- Types of markets: both regulated social markets and pure free markets (here describing the amount of government regulation and oversight) are types of capitalist markets. If all production and distribution is controlled publicly, then it is Communism (an entity divvies up labor and resources, not trade, supply, and demand). In practice, most markets are hybrids and are best described as “mixed markets” or “regulated free markets” (types of capitalist markets). When the regulations are ethical, we call it a “fair market;” when the regulations benefit government officials we call it cronyism; when they benefit the state and government we call it protectionism; when the lack of regulations allow for abuses of the private market we call it corruption. Apply these concepts to all market types, social, human, natural, etc., and you have a good foundational metaphor for all types of markets.
Other Considerations About the Types of Value and Capital
Each group of considerations below can be applied to all value, capital, and market types. Again, I’ll provide acceptable definitions, but we are applying them to a somewhat unique theory, so double check definitions before taking an Econ 101 test. This is socioeconomic philosophy, not a rehash of accepted basics.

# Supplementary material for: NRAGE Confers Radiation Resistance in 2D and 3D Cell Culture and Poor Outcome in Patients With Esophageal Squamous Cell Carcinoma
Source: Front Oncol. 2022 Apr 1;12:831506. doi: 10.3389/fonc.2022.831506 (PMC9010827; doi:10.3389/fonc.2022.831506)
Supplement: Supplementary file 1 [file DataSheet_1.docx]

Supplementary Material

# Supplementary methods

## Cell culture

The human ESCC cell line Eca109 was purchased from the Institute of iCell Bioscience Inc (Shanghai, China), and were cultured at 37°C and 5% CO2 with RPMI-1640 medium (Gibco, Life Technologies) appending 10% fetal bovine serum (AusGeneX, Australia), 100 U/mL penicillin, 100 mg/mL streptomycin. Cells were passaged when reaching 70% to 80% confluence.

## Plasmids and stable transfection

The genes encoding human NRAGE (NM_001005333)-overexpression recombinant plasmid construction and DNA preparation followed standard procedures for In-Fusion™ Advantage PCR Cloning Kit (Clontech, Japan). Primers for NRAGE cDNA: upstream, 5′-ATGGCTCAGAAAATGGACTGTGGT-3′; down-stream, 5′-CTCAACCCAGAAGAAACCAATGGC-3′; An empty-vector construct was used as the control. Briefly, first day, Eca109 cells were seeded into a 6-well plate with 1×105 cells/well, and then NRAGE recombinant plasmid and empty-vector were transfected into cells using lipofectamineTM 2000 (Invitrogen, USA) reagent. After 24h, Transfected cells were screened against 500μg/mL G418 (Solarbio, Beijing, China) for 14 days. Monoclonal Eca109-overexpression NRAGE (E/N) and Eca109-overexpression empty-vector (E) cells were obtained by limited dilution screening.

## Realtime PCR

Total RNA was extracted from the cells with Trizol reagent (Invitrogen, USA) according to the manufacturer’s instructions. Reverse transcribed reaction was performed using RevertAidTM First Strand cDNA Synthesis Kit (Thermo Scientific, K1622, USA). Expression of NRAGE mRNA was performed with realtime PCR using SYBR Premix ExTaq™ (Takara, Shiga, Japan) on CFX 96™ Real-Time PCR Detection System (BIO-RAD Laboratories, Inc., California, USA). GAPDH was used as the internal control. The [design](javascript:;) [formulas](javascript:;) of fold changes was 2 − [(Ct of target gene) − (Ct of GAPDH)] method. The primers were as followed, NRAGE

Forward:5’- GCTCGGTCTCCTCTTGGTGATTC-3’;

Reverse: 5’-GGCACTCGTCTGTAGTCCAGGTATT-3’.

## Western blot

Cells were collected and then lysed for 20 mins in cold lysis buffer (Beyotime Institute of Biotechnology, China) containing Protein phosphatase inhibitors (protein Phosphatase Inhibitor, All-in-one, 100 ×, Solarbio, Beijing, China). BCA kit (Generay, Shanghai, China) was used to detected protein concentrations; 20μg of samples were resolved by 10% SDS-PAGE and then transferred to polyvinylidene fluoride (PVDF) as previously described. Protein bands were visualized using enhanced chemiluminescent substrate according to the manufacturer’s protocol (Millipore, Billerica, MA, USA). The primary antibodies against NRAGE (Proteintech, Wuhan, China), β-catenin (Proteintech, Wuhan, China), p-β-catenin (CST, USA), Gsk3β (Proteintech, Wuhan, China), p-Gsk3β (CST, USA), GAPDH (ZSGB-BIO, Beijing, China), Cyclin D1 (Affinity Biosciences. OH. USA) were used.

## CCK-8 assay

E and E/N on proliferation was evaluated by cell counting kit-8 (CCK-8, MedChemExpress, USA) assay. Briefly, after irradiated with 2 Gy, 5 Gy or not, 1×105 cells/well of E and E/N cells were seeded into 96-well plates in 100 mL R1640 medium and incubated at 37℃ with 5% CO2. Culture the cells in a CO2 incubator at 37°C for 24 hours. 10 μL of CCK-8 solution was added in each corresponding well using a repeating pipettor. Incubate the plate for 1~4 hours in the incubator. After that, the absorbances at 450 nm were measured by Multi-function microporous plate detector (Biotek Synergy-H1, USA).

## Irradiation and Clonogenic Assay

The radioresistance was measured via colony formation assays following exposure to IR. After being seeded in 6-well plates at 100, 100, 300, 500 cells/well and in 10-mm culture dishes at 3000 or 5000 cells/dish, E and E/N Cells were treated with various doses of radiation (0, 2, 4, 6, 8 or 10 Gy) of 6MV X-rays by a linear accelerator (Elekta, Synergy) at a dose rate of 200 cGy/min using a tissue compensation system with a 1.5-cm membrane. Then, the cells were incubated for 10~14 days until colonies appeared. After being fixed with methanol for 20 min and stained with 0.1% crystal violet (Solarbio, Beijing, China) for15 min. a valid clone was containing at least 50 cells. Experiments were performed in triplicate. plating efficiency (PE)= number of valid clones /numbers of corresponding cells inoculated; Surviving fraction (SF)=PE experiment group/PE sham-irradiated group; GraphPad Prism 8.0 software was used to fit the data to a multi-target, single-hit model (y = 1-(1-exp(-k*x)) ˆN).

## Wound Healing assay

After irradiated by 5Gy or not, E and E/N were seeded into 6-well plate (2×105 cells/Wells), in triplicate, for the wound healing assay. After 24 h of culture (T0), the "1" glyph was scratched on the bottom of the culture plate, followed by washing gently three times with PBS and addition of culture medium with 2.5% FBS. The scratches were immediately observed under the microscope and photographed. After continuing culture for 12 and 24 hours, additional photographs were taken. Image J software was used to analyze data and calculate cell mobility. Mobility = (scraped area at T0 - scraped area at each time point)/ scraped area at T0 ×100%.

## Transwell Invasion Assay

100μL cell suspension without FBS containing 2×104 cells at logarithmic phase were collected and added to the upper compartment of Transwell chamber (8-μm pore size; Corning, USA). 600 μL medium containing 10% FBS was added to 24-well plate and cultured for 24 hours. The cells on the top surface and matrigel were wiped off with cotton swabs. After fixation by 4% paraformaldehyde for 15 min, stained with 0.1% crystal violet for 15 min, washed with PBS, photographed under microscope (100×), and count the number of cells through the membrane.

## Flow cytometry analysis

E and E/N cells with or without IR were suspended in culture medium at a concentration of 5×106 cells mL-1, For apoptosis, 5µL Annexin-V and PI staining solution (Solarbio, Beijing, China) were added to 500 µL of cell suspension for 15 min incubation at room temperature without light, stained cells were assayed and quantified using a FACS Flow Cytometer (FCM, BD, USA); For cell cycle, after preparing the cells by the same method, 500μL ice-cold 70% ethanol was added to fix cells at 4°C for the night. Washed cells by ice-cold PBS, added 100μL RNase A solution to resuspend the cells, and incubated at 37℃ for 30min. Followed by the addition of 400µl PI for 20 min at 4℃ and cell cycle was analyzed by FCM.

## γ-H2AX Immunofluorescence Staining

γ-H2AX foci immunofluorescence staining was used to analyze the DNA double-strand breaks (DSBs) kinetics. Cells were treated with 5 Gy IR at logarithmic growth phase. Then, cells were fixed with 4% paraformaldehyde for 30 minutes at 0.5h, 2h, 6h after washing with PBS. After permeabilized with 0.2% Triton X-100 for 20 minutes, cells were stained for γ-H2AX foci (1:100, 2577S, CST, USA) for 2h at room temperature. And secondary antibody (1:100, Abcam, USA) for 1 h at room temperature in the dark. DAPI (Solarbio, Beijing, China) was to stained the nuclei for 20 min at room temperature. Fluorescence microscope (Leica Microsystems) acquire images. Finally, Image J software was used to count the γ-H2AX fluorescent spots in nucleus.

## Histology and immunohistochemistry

- Capital assets (commodities): Goods (constant capital), labor (variable capital), and abstracts like bonds (fictitious capital). Or, to be simple, just capital (constant and fictitious) and labor (variable). Assets that can be traded are capital assets AKA commodities. This concept comes from traditional economics, but can be applied to all markets, but the terminology originates with Marx. I.E.: “Fictitious capital” was given a “snooty” name to make a point… but that aside, it is a useful concept. Its fictitious in that it isn’t a thing directly, it represents a thing. In all cases, all these are types of capital asset with value.
- Noncapital Assets: Assets that can’t be traded for capital. For example, the picture on the fridge your niece drew has lots of sentimental value, but little-to-no actual value in the market. Likewise, you pushing yourself to do another push-up has value to you, but isn’t a capital asset (although we could perhaps very roughly refer to some things in this class as type of commodity by denoting their indirect value; they are more just products of labor or processes of labor).
- Expected Value: What worth the asset should have.
- Perceived Value: The value an asset is perceived to have.
- Actual Value: The value an asset has in practice in a trade.
- Direct: Something that can be traded directly for other types of capital. Like a dollar.